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Hopes high that TRC hearings will kick-start new chapter

By Marites N. Sison, staff writer on April, 18 2012

Bishop Michael Ingham and area women involved in healing and reconciliation present a prayer shawl on behalf of Anglicans at the TRC event in Victoria. Photo: Henriette Thompson


An Anglican archbishop has expressed the hope that the Truth and Reconciliation Commission (TRC) process will lay the foundation for healing and new relationships of “respect, dignity and understanding” between Canada’s aboriginal and non-aboriginal people."

“My prayer is that truth-telling will begin the journey toward a new chapter for our church and our country,” said Archbishop John Privett in a statement. Privett is bishop of the diocese of Kootenay and metropolitan (senior bishop) of the ecclesiastical province of British Columbia and the Yukon. His statement was read by the diocesan bishop of New Westminster, Michael Ingham, as part of the “Expressions of Reconciliation” session at the TRC regional event in Victoria April 14.

Privett offered an apology to the more than 2,000 survivors of Indian residential schools in the province who attended the event at the Victoria Convention Centre. “I am shocked, saddened and shamed by this legacy and the part our church has played in it,” said Privett, adding that he wanted to echo the words of apology given in 1993 by former primate, Archbishop Michael Peers. “I, too, am deeply sorry for the suffering our church has caused. “

From the late 19th century to the mid-20th century, about 150,000 aboriginal children were removed from their homes and placed in residential schools as part of a federal program of forced assimilation. The Anglican Church of Canada operated 35 of these schools, including St. Michael’s residential school in Alert Bay, B.C.  The Presbyterian, Roman Catholic and United churches also operated residential schools.

Privett recalled visiting the Anglican-run Chooutla Indian Residential School in Carcross, Yukon, when he was a young boy and thinking that residential schools gave aboriginal people the benefit of a good education.

“I have learned, however, how much of a failure they were,” he said. “It’s as if for me, a great curtain has been pulled back on the legacy of residential schools.  They were meant to be a place of learning, but they failed to be so…They were meant to be a sign of Christian love, but they failed to be so.”

The residential schools separated families, denied children the love of their parents and left parents longing for their children, he said.

Privett said the Anglican church was committed not just to the work of the TRC, but to seeking healing and reconciliation of residential school survivors and their descendants. “I am personally committed to work with other church leaders in this movement,” he added.

As a symbol of the Anglican church’s commitment to support the healing journey, Anglicans in British Columbia presented a prayer shawl that was stored in the TRC’s bentwood box. Carved by Coast Salish artist Luke Marston, the box is a repository for “gestures of reconciliation” offered at every TRC event.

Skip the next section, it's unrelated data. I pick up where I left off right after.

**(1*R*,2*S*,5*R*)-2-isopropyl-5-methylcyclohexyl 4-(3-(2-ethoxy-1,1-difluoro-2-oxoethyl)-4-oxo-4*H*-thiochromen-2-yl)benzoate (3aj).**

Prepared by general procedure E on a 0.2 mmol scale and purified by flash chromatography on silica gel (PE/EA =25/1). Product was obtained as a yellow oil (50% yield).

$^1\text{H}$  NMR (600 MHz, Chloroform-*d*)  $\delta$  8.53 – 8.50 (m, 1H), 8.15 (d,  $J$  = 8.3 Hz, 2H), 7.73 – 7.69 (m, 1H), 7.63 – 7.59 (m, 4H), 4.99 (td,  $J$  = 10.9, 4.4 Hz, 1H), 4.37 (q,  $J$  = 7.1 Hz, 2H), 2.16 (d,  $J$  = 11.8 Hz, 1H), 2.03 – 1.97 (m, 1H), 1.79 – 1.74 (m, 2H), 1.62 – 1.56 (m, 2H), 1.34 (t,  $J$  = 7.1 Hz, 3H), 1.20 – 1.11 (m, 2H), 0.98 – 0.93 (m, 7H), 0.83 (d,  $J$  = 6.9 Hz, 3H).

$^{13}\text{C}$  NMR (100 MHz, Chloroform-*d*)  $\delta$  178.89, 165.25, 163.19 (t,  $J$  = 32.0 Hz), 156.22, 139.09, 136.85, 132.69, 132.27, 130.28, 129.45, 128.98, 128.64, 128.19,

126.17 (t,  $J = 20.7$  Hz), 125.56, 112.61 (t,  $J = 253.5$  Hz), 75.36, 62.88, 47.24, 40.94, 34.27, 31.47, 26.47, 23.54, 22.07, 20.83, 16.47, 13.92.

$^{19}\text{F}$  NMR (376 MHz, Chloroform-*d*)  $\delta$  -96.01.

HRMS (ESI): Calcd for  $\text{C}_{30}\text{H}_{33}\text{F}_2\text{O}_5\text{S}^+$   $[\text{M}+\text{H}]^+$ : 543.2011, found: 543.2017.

Many prayer shawls were knit by local Anglicans and provided to residential school survivors who attended the TRC hearings in Cowichan and Port Alberni, said Mary Parry. A member of the diocese of British Columbia, Parry has been active in “Returning to Spirit,” a healing and reconciliation program developed in 2001 by aboriginal groups and representatives of the Anglican and Roman Catholic churches.

Barb Atleo, a member of the program, suggested offering the prayer shawls after witnessing survivors being wrapped in blankets at a healing ceremony, said Parry.

Speaking at the TRC event, Atleo stressed the importance of working hard to achieve reconciliation. “Reconciliation is action. I had really strong opinions and ideas about the church and it was through Returning to Spirit that I was able to work through these hard issues for me,” she said.

Meanwhile, several survivors and children of survivors shared their experiences. Among them was Mary Vickars, whose mother was sent to the Anglican-run St. Michael’s residential school at the age of three. As a result of the emotional, psychological and physical trauma her mother experienced, Vickars was raised in a home where she was severely beaten by her mother. And in fact, the entire community, made up of residential school survivors and their families, was in “horrific turmoil,” recalled Vickars.

Still, she considers herself lucky. “I still had two parents, I still had six brothers and I wasn’t shipped off to a school,” she told the commission. Working on the land and reconnecting with her ancestors made it possible for her to forgive her late mother.

Videos of the proceedings at the TRC Victoria are available here.

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April, 18 2012
Categories:  News

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